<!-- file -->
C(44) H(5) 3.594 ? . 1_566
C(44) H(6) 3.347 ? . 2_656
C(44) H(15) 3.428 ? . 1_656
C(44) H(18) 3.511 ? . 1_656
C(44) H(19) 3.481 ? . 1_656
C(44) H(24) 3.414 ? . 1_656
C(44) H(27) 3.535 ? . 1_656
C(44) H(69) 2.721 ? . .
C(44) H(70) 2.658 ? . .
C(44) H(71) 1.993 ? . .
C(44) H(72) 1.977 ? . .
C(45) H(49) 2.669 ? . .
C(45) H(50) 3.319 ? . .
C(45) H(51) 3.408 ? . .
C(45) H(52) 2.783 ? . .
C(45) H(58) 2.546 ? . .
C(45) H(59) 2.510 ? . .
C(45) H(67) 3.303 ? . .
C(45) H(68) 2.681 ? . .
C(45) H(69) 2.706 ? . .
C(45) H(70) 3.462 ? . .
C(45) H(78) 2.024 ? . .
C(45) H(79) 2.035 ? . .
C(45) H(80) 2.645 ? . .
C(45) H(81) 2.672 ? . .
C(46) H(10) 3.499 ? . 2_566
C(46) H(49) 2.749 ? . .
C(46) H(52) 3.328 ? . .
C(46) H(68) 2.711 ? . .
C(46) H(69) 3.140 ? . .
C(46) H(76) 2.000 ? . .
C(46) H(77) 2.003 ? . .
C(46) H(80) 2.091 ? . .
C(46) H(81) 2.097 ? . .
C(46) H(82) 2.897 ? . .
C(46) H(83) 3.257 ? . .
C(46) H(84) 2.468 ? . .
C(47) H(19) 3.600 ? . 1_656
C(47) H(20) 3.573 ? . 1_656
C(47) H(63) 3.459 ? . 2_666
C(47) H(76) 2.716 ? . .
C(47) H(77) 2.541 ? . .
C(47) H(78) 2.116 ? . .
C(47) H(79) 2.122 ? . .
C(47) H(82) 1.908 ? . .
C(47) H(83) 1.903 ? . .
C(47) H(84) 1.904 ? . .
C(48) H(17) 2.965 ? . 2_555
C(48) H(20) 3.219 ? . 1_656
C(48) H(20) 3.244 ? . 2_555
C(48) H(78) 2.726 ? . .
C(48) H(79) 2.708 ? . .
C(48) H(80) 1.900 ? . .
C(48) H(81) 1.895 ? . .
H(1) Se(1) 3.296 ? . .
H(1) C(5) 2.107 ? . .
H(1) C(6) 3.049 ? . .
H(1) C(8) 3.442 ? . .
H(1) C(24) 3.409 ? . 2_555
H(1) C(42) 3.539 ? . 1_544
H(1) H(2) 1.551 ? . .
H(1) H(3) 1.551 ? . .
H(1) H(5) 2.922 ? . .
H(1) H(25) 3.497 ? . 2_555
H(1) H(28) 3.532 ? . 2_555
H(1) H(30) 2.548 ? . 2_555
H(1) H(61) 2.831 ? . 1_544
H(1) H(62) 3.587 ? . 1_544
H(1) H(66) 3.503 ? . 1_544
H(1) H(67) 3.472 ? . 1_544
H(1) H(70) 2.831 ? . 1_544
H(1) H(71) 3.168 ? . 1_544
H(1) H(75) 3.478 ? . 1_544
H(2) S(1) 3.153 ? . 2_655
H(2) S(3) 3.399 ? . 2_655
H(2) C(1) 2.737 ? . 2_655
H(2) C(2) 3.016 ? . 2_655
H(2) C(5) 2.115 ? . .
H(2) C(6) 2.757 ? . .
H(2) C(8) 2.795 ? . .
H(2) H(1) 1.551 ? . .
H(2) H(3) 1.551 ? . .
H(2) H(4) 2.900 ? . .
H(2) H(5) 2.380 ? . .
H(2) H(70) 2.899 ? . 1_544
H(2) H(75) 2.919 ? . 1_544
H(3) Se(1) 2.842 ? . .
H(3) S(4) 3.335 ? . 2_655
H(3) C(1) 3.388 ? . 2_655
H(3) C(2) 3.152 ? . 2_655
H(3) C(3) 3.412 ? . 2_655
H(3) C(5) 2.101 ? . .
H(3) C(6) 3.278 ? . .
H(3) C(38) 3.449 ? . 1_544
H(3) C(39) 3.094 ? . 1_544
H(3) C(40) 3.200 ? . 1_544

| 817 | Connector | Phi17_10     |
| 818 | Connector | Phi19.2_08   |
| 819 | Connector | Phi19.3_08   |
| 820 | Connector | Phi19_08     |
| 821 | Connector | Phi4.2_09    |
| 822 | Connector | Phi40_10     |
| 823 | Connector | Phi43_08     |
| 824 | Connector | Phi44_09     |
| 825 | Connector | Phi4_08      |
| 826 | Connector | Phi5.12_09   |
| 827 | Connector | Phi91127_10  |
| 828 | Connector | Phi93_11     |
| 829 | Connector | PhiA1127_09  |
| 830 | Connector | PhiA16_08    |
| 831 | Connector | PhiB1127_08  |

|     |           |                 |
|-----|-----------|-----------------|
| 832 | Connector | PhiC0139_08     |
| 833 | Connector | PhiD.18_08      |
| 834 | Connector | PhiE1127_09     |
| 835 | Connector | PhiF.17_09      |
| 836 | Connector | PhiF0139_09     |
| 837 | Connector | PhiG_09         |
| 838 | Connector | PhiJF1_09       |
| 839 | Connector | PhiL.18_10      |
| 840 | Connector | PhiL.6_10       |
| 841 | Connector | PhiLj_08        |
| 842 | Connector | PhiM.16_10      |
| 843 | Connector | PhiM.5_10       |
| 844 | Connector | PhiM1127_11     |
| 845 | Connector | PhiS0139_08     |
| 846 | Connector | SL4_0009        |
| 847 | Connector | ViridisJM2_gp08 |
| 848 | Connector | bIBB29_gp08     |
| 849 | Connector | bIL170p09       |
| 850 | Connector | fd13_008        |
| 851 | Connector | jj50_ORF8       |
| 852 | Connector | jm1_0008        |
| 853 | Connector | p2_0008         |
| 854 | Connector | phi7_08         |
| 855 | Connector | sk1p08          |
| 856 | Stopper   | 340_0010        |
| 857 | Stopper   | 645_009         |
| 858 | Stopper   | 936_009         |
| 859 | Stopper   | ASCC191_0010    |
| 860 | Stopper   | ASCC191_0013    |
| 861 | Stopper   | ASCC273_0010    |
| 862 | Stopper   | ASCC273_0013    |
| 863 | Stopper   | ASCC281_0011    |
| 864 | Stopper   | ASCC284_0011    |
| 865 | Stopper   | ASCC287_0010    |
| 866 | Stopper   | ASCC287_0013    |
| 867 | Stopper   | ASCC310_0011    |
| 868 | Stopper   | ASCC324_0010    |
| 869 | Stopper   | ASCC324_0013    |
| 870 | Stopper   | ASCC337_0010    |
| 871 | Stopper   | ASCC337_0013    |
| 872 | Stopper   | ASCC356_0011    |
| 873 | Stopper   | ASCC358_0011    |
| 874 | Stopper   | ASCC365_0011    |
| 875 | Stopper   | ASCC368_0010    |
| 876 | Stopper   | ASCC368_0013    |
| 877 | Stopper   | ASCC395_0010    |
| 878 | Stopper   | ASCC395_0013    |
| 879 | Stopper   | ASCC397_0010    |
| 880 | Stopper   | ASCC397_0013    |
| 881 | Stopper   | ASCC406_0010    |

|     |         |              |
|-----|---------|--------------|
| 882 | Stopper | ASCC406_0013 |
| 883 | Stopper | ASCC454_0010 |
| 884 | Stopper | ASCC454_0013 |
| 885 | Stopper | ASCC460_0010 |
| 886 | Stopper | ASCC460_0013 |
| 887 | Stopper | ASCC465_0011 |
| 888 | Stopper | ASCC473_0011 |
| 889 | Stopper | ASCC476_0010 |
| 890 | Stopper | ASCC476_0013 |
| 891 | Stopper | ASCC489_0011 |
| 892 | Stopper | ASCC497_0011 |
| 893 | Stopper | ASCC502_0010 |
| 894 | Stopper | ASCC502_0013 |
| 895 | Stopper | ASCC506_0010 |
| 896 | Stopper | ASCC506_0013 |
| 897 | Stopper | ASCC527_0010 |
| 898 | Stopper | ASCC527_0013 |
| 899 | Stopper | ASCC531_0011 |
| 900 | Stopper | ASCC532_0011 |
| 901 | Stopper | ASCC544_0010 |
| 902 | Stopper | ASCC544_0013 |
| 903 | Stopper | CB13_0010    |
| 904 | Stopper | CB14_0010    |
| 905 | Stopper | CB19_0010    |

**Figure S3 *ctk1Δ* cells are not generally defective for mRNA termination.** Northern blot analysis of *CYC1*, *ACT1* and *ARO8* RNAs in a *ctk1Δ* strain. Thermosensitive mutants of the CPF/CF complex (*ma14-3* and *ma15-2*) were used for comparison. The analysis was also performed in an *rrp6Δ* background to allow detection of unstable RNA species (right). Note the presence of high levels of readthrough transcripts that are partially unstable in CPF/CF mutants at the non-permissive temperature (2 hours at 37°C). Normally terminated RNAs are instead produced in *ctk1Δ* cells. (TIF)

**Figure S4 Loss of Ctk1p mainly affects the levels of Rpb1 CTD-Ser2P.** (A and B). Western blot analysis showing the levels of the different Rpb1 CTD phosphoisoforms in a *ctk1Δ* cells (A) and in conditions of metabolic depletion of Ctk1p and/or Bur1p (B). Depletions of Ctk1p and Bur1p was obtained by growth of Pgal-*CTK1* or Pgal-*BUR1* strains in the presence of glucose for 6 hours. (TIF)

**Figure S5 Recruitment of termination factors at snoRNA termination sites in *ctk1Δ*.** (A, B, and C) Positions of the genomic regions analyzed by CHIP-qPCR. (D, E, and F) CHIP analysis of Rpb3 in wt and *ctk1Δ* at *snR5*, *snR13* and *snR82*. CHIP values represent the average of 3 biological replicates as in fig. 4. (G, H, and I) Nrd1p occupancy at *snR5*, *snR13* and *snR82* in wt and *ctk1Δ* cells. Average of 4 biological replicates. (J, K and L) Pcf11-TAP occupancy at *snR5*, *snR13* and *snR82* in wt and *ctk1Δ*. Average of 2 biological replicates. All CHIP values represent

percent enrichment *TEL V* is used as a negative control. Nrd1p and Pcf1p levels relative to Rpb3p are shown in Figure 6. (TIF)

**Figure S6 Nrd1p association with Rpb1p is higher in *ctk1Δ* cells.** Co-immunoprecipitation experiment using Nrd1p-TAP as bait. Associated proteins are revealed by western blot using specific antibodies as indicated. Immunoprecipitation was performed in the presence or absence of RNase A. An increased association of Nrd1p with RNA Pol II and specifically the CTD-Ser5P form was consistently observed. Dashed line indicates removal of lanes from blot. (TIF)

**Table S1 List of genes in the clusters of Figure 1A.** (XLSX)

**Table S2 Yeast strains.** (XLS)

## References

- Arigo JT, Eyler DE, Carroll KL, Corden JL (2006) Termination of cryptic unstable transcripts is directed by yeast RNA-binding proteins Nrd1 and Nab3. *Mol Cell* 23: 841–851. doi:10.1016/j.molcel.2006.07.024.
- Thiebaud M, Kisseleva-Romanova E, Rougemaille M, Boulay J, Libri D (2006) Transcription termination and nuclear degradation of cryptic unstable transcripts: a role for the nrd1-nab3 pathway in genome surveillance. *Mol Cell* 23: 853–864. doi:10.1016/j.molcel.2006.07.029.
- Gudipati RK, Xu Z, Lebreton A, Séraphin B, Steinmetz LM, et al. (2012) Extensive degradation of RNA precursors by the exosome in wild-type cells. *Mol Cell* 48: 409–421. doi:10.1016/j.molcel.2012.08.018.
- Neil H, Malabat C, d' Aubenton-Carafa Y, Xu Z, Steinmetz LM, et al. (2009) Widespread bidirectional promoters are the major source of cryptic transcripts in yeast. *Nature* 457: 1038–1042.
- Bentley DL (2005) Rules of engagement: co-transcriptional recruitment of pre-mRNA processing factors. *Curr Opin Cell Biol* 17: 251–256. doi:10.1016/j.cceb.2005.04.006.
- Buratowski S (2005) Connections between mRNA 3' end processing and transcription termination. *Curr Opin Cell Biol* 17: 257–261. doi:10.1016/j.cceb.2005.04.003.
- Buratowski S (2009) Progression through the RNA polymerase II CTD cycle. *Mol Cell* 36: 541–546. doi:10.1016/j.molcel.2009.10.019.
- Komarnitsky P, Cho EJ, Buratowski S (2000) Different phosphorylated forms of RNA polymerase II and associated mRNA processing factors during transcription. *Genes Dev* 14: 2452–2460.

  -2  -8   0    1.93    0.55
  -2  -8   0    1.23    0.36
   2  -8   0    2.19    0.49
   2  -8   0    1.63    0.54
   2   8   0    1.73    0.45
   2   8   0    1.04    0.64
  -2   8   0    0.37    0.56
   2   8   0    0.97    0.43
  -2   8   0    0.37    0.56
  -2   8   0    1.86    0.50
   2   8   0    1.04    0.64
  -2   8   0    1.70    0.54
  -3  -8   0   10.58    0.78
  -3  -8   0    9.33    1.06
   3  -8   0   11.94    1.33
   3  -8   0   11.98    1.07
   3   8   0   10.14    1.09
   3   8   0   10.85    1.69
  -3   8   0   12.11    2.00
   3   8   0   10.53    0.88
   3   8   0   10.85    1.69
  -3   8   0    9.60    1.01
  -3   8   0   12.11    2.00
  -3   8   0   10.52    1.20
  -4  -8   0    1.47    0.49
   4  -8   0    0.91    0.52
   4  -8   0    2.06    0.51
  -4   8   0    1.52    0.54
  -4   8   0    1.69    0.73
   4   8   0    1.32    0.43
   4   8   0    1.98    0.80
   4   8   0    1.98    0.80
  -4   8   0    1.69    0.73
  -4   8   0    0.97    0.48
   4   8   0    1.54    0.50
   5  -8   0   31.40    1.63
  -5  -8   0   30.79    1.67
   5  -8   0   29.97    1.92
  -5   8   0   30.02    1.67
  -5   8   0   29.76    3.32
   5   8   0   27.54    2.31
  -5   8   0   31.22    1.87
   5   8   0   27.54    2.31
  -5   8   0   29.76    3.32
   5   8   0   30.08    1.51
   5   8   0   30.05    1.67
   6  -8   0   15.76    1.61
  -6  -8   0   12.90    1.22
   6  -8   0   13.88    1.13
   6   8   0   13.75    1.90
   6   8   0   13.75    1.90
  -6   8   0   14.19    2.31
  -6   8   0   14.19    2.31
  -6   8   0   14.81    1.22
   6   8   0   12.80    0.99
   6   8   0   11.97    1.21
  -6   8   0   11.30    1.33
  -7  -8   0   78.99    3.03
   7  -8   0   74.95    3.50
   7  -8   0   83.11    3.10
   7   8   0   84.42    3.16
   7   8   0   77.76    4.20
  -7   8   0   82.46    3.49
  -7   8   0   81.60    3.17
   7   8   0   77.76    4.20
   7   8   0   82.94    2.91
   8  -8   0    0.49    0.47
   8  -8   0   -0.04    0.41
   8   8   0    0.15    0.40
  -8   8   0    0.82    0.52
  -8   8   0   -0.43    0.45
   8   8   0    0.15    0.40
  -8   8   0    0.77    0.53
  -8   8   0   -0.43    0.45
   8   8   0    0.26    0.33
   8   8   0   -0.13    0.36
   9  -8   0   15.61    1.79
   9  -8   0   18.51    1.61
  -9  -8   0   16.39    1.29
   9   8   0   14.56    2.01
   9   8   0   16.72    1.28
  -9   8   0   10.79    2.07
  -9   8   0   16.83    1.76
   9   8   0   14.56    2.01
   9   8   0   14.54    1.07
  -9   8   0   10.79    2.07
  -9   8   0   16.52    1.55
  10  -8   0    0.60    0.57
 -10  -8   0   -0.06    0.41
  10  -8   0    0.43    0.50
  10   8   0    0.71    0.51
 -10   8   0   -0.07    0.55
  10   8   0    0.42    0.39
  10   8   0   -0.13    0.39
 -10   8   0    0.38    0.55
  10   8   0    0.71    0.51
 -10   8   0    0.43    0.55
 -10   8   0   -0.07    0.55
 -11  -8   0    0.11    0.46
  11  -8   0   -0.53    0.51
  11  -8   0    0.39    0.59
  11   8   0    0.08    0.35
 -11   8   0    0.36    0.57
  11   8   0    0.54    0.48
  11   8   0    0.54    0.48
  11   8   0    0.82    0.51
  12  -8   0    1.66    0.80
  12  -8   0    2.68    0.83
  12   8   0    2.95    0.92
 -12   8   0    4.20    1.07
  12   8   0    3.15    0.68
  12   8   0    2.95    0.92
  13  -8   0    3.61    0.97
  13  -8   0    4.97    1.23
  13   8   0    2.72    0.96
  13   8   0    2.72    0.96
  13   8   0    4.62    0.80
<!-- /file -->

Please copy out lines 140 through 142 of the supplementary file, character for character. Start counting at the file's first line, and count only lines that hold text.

| 858 | Stopper   | 936_009         |
| 859 | Stopper   | ASCC191_0010    |
| 860 | Stopper   | ASCC191_0013    |